Luckily for Pant and India, there is time enough for the player to recover before the first Test on August 4
The temptation must have been difficult to resist. Here’s a young man, an international sportsman, with a chance of watching the kind of football he will not get back home. There might have been a residual fear about what could happen in cheering, screaming crowds after what happened in similar situations during a cricket series in India. But this is England, the rules are different, and what are the odds anyway?
Rishabh Pant may not have worked it out thus. But as a key player in the series to follow, he should have been aware of the risk he was taking when he decided to go — sans mask, it appears — to the England-Germany Euro 2020 match at Wembley. Or if he didn’t, the Board of Control for Cricket in India should have alerted him to it.
Mail sent, but…
The BCCI did send out a mail advising players caution, mentioning the football and Wimbledon specifically. But, according to a report in this newspaper, it was sent only “hours before the three-week break ended”.
That break, between the World Test Championship final against New Zealand and the regrouping at Durham in preparation for the five-Test England series, belonged to the individual players to relax how they wished to. No bubble, no staying together in tour hotels, no do’s and don’ts.
It is unlikely that the BCCI would have taken kindly to a player who decided to go mountain climbing or skiing or even scuba diving in this period. It would have said, in effect, “You are here on an assignment that needs you at your physical peak, and anything that interferes with that task is a no-no.”
So why should attracting the coronavirus be any different? In fact, you put not only yourself in danger, but your teammates too, and in the worst case, perhaps the tour itself. And the players are contracted to the BCCI.
No one is suggesting that young athletes at the height of their powers should spend all their time cooped up indoors for three weeks. Sourav Ganguly, the BCCI president has said it is physically impossible to wear the mask all the time. But players on tour during a pandemic have to be discreet, avoid crowds, and understand the import of the many things that could go wrong.
Luckily for Pant and India, there is time enough for the player to recover before the first Test on August 4. This is not a tirade against Pant, who is a valuable player of the team, but merely points out the need for personal responsibility when on tour during a pandemic. The sporting season and the pandemic are both racing in England. Football, cricket, tennis and Formula One have had crowd management that has swung between the cautious and the reckless. Indian players have been seen at many of these events; they will argue that they are following local rules.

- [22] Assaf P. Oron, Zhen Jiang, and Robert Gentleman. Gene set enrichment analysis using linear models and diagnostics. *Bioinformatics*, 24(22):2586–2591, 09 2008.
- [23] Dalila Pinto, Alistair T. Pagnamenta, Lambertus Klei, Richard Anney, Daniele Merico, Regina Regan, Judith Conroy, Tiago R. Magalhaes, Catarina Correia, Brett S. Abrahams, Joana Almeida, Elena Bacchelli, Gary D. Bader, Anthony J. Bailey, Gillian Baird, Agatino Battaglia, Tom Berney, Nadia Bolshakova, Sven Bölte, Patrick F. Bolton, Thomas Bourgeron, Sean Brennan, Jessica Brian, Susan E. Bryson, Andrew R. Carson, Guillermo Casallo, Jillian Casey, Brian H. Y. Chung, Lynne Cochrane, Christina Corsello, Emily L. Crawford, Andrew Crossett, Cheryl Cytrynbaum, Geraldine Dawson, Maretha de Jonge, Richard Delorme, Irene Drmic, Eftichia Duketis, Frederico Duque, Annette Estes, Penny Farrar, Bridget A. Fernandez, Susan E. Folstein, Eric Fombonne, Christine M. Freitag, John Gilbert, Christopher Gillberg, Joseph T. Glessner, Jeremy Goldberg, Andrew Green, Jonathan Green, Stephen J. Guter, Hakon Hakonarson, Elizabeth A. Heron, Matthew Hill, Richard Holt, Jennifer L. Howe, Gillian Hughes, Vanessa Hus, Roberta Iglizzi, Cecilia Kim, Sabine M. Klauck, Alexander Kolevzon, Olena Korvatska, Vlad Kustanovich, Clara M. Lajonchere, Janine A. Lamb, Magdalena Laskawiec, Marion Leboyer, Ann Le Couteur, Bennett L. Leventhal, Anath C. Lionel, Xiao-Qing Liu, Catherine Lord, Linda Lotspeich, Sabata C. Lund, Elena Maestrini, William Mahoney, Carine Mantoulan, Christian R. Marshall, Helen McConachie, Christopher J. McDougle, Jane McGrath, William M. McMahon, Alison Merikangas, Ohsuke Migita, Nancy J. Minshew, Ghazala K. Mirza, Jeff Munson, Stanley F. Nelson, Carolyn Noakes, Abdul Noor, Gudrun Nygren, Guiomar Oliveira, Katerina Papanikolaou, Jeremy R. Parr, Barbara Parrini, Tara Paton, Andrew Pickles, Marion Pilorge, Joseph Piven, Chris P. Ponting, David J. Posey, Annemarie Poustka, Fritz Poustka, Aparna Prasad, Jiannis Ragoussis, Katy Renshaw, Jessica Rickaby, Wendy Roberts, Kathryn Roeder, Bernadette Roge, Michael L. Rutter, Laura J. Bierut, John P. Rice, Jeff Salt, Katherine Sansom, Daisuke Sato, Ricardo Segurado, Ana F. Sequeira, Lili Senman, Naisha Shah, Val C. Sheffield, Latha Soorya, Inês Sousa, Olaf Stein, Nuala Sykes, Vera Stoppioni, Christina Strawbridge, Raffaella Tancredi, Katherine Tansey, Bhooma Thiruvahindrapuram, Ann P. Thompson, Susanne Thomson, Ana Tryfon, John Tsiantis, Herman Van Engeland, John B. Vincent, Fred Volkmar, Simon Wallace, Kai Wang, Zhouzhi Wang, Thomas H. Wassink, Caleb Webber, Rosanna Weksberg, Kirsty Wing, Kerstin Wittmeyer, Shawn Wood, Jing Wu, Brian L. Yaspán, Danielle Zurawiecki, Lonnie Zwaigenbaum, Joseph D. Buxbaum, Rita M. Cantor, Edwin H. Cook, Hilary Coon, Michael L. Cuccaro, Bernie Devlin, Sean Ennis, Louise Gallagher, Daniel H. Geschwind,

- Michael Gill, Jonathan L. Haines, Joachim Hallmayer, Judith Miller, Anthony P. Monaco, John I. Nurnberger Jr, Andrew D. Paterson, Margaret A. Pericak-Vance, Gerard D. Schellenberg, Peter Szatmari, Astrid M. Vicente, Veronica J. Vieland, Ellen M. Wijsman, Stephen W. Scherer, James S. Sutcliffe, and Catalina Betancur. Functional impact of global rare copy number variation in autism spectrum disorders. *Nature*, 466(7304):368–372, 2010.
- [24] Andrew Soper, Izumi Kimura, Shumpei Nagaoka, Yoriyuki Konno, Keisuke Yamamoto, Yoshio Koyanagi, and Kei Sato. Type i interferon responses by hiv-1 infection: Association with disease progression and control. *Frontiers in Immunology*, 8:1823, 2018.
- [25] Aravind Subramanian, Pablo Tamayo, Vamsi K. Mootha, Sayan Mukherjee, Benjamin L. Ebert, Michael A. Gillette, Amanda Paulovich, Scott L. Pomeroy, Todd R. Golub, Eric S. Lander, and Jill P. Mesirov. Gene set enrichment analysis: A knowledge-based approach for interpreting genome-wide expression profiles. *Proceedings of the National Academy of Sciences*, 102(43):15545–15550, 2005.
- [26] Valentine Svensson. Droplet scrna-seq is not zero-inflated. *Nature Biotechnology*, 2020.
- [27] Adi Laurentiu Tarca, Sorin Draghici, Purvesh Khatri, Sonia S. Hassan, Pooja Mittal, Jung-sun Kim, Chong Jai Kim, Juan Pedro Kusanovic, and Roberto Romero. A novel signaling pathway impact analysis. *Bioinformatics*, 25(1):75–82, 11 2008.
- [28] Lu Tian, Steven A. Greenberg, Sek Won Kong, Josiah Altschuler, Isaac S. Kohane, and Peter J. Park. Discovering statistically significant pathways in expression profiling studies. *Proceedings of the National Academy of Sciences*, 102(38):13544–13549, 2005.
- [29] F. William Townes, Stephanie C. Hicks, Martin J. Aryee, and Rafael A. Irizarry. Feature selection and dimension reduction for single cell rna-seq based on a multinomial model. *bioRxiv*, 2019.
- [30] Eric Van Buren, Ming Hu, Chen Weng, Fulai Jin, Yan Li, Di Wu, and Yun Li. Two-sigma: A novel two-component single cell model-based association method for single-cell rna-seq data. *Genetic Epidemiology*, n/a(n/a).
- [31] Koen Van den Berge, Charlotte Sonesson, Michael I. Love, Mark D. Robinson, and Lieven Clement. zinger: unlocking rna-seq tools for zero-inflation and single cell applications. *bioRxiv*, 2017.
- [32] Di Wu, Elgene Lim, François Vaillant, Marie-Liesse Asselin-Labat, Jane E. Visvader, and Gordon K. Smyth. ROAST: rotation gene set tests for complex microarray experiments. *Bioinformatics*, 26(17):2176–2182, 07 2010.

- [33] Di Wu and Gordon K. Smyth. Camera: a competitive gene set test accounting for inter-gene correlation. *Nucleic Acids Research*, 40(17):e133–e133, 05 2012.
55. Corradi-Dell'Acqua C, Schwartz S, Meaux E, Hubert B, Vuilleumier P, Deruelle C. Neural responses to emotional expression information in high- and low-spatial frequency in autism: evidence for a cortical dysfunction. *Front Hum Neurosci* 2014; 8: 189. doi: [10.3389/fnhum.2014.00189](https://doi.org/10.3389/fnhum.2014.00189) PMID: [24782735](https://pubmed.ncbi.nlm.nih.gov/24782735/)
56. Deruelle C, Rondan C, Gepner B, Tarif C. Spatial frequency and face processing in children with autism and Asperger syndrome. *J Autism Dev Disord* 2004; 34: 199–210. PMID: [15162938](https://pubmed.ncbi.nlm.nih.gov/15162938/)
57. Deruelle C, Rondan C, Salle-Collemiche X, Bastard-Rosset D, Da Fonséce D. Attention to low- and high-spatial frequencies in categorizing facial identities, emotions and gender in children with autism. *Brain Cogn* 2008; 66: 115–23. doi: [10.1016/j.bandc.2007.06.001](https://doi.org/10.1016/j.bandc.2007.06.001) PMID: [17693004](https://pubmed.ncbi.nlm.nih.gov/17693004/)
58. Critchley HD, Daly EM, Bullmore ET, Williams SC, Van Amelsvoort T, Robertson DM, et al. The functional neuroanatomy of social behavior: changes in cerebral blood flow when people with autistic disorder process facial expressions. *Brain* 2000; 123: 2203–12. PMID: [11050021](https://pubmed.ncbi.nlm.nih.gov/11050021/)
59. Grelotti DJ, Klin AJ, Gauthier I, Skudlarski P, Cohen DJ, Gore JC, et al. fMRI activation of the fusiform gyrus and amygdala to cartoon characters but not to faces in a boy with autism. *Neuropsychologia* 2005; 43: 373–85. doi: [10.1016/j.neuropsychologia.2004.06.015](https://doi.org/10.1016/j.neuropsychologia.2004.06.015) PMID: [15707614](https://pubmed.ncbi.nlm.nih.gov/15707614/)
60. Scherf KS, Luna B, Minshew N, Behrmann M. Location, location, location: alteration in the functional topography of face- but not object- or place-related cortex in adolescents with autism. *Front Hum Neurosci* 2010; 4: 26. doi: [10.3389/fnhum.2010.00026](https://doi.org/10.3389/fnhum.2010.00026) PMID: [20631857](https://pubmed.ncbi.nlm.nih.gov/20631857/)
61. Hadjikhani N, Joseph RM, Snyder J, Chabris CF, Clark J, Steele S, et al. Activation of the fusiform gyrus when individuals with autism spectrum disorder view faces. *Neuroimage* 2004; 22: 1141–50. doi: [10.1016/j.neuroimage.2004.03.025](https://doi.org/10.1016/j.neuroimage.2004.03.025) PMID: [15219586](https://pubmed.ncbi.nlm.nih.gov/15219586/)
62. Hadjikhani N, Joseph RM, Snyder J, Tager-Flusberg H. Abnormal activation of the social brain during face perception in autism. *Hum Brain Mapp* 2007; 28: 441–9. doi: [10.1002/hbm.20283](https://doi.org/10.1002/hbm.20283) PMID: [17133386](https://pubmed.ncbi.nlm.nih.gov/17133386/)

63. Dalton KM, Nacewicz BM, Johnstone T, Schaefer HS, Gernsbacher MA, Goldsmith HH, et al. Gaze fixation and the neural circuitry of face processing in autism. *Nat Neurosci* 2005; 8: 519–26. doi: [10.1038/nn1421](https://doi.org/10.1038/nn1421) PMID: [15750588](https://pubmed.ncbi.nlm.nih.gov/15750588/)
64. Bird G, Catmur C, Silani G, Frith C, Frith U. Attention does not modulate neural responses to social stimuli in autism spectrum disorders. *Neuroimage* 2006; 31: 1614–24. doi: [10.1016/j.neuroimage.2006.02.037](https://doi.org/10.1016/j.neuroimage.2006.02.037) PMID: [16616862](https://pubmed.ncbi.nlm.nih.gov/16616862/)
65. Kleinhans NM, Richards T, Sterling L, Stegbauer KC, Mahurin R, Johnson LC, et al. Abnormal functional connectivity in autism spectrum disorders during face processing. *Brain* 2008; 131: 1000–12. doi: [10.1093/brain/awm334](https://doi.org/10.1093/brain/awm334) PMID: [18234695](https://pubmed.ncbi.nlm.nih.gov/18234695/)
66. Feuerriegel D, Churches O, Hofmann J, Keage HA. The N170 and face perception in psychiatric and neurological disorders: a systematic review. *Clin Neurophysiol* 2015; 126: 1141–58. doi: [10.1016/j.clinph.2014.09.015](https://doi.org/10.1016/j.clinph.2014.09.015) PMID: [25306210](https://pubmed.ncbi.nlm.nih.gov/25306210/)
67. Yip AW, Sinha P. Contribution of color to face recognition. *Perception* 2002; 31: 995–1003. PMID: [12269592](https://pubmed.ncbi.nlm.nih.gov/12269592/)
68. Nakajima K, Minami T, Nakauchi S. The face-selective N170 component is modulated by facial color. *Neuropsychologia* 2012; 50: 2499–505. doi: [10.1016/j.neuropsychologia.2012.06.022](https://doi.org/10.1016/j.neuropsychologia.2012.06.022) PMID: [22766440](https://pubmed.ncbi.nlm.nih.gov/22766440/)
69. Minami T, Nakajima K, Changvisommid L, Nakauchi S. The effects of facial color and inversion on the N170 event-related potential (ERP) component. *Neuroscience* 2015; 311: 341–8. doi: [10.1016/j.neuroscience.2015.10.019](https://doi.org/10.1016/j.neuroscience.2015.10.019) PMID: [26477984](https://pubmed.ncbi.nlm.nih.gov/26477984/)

Keeping track of the rising cases is not impossible. Currently there are some 40,000 new cases daily. This should tell the tourists something — mainly that caution is advised.
Some years ago, India’s first great opening batsman Vijay Merchant wrote about the dynamics within a touring party. Some players just want to have fun (especially if they realise their chances of playing a Test are nil), some want to strike a balance between enjoying themselves and contributing to the team effort. A third lot travels knowing the team depends on them and they cannot afford to veer away from the straight and narrow. It might have been a simplistic theory, but it did give an insight into the mind of the touring cricketer those days.
Since then, players have become more professional, teams travel with a whole range of support staff, and letting your hair down is not the primary objective for any individual. Players are treated as adults, which is a change from the 60s and 70s, and no one expects the manager, coach or director (as they have been variously known) to keep stating the obvious constantly.
The primary objective is to play and win cricket matches, and anything which works against that should be avoided. It is better to miss a Euro match as a spectator than a Test match as player.
Pant’s is a cautionary tale not just for his teammates and for touring teams in general, but for his countrymen back home too. No matter that the green flag is waved, and at some point ‘Freedom Day’ is declared like it was in England on Monday, with nearly all the restrictions lifted.
Keeping safe is an individual responsibility, and if it involves wearing masks and keeping distances for longer than the official period, then these have to be done. The pandemic has changed all the rules.